Drivers face delays from 2,000 stimulus-funded projects
US motorists are likely to see more construction zones this summer.
If you've been stuck in traffic recently because construction has closed off lanes, blame Washington. But this winter, when you’re not hitting potholes, you can thank Washington.
Because of the economic stimulus package, motorists are likely to see more of those orange traffic cones this summer. Places from Minneapolis to Rochester, N.Y., seem to have permanent “flagmen” warning of what's ahead. In some cities, it will be almost impossible to avoid delays.
“We’re seeing an intersection of the peak summer driving season – July and August – combined with an influx of stimulus-related funding for construction,” says Troy Green, a national spokesman for AAA in Washington. “It means this summer will probably be busier than normal for road construction.”
Nationwide, 2,000 stimulus-funded construction projects are under way, and another 5,600 have been approved for bidding, the American Association of State Highway and Transportation Officials (AASHTO) estimated last Tuesday.
“That means every day, the number of projects under way will go up,” says Tony Dorsey, an AASHTO spokesman. “We will pretty much see it all over the country.”
Initially, some motorists will see more of it than others. Utah, Oklahoma, and Maine plan to have under contract this summer 100 percent of their highway stimulus funds. Another 15 states plan to have 80 percent of their funding contracted out this summer, Mr. Dorsey says.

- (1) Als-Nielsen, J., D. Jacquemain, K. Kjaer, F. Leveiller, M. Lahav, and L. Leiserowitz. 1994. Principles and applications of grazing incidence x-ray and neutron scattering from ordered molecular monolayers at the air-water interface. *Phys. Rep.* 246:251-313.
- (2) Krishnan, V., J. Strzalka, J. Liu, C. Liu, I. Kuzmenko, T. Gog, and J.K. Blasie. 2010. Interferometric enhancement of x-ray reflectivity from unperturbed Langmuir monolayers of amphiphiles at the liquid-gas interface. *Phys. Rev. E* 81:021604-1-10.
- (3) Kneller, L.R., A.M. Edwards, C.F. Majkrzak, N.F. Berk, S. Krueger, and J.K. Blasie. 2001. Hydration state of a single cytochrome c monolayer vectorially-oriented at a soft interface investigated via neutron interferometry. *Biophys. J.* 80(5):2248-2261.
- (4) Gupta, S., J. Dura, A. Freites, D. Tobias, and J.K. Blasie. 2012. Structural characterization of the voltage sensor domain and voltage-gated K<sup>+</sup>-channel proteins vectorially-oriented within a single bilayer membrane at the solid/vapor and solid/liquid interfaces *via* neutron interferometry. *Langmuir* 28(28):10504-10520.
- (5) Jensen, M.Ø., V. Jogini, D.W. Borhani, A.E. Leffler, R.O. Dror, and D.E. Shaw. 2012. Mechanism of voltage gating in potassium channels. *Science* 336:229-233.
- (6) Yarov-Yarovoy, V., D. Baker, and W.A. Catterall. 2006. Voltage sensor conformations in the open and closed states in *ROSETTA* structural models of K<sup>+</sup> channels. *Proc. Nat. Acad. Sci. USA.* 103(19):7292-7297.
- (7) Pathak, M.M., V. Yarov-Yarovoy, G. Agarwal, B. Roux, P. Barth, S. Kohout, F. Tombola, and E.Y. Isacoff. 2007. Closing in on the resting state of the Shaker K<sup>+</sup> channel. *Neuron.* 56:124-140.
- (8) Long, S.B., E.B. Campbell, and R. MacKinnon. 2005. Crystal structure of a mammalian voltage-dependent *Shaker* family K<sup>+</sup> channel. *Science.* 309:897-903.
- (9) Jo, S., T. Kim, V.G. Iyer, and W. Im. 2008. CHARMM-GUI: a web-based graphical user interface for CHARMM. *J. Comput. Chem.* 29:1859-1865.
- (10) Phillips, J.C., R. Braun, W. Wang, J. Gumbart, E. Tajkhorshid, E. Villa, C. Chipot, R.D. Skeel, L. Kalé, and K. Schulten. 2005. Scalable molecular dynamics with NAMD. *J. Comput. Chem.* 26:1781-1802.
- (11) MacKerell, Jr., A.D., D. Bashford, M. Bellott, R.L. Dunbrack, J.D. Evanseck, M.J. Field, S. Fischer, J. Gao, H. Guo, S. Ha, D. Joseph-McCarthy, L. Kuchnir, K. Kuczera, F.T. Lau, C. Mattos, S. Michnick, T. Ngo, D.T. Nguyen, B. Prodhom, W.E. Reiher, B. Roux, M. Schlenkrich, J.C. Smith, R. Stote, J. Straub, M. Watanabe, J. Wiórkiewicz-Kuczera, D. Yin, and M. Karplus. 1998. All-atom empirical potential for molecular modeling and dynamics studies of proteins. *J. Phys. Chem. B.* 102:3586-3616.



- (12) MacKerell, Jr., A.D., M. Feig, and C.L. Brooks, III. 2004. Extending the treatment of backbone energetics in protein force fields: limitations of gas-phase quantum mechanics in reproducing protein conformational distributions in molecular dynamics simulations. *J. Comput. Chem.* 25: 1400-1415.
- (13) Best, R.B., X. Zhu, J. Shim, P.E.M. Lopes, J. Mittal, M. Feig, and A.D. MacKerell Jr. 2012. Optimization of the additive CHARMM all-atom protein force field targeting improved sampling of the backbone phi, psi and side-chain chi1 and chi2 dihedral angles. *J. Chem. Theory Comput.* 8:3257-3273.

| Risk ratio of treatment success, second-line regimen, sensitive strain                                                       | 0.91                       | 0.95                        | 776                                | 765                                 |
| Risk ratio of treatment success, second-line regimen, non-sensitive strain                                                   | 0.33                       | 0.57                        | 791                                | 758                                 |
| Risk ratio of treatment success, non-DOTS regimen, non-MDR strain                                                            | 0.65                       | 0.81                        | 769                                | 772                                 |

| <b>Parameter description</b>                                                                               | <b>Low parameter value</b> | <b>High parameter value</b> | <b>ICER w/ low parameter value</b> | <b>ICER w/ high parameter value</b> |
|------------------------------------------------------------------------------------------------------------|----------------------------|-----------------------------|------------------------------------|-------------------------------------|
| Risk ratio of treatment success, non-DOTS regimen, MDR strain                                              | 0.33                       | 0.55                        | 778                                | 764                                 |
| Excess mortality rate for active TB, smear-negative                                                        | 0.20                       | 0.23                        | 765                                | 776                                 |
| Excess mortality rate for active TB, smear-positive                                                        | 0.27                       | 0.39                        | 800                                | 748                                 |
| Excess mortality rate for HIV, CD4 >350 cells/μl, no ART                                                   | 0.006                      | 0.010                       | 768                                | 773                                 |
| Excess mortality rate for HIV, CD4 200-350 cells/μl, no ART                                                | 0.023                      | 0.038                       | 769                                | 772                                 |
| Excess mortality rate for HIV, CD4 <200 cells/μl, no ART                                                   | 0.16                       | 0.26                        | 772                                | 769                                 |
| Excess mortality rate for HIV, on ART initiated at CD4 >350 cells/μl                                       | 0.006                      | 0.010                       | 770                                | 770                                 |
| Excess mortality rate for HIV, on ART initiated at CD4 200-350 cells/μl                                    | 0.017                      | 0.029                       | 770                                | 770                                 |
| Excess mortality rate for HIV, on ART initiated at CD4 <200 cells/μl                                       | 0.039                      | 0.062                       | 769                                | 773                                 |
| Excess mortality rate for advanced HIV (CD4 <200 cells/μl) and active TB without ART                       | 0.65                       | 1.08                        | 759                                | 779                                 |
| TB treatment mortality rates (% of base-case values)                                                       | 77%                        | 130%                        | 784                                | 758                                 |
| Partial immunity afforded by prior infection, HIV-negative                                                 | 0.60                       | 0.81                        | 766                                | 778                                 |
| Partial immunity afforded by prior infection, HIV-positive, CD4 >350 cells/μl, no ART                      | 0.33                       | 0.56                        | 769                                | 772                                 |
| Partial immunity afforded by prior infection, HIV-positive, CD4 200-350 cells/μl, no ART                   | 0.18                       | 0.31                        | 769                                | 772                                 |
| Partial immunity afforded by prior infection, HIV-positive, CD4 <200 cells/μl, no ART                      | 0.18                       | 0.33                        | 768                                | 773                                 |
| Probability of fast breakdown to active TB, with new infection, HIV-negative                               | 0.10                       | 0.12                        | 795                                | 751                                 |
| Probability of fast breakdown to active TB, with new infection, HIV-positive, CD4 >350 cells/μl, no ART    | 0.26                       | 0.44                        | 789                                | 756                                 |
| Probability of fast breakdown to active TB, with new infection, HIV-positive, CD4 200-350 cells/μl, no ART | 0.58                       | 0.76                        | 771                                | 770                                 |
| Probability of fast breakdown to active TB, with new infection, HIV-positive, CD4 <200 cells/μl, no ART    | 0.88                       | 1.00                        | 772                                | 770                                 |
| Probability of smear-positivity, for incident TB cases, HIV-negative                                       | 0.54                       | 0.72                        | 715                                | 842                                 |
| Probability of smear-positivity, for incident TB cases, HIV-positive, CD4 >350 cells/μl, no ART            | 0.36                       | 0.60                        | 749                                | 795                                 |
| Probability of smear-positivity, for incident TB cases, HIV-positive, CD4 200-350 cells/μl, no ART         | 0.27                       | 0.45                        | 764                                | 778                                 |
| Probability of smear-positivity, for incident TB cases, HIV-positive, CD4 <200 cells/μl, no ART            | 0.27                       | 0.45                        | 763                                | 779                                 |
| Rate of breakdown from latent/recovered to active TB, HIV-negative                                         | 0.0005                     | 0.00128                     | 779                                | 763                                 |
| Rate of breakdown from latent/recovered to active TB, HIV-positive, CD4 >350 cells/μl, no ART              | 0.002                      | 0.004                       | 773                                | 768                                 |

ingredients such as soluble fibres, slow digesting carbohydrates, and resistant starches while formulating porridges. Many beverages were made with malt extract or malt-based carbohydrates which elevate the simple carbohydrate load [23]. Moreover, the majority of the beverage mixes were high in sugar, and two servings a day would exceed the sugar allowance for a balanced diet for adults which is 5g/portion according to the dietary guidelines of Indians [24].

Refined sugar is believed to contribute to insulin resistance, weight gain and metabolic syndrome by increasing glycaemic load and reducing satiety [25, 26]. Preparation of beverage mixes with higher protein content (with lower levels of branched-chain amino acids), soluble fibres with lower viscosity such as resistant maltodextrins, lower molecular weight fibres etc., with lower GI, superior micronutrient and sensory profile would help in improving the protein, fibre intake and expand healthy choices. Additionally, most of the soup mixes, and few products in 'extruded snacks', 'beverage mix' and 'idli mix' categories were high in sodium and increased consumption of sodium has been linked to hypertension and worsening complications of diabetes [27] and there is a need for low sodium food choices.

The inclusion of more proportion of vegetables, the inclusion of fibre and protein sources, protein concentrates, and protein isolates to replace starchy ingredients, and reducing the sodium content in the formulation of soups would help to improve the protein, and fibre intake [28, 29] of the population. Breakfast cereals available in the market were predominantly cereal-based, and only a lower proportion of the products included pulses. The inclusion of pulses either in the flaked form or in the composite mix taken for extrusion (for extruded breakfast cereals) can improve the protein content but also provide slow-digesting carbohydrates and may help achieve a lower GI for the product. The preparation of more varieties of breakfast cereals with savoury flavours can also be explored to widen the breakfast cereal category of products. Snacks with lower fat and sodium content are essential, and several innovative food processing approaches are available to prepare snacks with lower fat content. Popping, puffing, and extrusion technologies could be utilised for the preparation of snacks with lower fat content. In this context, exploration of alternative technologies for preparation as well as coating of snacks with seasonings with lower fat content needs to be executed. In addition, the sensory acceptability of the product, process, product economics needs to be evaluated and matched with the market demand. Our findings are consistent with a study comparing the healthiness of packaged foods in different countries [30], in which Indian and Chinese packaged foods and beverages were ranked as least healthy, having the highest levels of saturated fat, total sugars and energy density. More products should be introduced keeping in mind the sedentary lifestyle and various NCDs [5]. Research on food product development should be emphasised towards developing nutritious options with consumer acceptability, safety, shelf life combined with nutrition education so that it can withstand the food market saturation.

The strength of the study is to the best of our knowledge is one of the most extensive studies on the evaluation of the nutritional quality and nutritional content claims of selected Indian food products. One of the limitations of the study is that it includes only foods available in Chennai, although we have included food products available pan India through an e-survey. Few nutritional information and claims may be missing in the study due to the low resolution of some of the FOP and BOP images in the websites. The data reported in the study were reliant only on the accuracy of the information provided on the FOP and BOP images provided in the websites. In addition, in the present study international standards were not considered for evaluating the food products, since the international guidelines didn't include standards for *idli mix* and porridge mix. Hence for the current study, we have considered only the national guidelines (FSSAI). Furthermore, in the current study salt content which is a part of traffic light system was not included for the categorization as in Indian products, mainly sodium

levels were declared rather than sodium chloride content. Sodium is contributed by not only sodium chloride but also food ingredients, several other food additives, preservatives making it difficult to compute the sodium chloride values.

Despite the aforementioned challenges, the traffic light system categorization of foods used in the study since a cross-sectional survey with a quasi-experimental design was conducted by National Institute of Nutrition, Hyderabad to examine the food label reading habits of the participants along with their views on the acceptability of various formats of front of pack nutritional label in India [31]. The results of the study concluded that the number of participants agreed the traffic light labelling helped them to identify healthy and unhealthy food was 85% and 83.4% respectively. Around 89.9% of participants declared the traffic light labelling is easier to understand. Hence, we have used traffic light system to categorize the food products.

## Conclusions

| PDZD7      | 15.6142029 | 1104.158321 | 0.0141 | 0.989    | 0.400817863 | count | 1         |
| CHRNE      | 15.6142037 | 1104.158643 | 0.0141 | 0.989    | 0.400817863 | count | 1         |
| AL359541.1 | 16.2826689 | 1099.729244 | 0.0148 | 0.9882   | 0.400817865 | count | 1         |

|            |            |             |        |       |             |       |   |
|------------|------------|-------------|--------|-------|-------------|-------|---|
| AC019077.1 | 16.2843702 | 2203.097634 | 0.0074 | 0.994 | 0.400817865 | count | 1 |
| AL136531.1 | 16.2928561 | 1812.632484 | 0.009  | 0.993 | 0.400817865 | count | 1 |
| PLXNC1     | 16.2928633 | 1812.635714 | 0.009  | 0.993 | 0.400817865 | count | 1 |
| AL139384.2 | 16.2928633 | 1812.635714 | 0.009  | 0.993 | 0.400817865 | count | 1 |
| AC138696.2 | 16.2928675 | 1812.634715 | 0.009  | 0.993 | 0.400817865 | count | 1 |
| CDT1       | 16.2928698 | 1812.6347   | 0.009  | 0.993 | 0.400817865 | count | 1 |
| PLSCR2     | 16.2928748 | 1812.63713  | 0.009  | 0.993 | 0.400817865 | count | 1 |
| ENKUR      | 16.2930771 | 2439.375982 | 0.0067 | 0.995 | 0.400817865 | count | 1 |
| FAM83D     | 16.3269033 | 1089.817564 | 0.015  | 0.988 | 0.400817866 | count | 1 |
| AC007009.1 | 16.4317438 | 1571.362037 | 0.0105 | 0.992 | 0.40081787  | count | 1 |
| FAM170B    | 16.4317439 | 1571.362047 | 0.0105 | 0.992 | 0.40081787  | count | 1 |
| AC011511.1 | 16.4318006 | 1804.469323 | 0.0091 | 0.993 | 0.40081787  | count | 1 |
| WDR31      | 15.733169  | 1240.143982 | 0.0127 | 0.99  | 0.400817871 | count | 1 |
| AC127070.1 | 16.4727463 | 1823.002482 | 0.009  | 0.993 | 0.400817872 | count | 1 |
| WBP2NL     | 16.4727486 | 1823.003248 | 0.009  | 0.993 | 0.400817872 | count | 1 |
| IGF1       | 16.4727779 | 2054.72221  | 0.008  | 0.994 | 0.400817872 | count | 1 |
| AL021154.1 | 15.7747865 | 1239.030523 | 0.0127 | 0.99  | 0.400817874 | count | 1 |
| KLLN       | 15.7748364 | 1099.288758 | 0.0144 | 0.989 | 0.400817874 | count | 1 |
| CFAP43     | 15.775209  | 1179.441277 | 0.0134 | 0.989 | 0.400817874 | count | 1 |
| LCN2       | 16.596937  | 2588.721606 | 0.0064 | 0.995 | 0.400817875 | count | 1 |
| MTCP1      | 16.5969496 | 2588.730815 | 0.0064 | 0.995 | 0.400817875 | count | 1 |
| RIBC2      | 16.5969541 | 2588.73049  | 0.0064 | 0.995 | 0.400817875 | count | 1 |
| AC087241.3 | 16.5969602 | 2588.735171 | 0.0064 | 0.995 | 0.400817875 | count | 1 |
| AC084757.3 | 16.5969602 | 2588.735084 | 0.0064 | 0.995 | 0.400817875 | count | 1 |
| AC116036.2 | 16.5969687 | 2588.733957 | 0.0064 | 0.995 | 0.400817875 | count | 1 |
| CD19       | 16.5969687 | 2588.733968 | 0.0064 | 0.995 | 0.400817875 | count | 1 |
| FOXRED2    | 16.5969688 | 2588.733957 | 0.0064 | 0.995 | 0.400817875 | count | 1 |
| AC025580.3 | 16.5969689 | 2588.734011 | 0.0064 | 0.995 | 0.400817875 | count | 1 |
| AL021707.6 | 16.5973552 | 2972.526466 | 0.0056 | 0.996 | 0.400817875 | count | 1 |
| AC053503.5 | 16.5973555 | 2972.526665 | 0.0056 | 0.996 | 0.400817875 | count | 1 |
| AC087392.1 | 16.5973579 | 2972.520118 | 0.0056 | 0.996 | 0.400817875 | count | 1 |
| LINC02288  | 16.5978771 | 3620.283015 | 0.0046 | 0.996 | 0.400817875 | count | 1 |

Construction officials, eager for the work, are playing down the prospect of construction delays. Budget cutbacks at the state level, they say, had already reduced the number of summer construction projects.
“The level of work is no more than the past in the summer – and in some states less because of a drop in state revenues,” says Ken Simonson, chief economist for the Associated General Contractors of America.
Unlike some construction that seems to drag on for months at a time, Mr. Simonson says, much of the construction this summer will be to fill potholes or perhaps repave sections of highway. “The emphasis is on shovel-ready,” he says, “So what’s being done is quicker than adding a lane or replacing a bridge.”
Still, drivers would probably benefit from doing more planning to avoid bottlenecks, traffic experts say. Mr. Green, for example, suggests that AAA members call for a TripTik, a route planner that includes the latest construction projects. “It allows you to plan and select alternatives or allot extra time,” he says.
Some state departments of transportation say they are trying to go out of their way to inform drivers about potential delays. Minnesota, which has a large amount of construction, uses its DOT website and will alert drivers via e-mail about specific projects.
In some cities, it’s almost impossible to avoid some kind of delay. That seems to be case in Rochester, where all three Interstates that pass through the city are now construction zones.
This has led Rochester resident Charla Stevens Kucko to search for alternative routes on local streets. “It’s stop-and-go because you do have traffic lights,” says Ms. Kucko, who notes that she gets especially annoyed when traffic is funneled to a single lane but she sees no work being done on the closed lanes. “Maybe they are doing night work, but it’s maddening."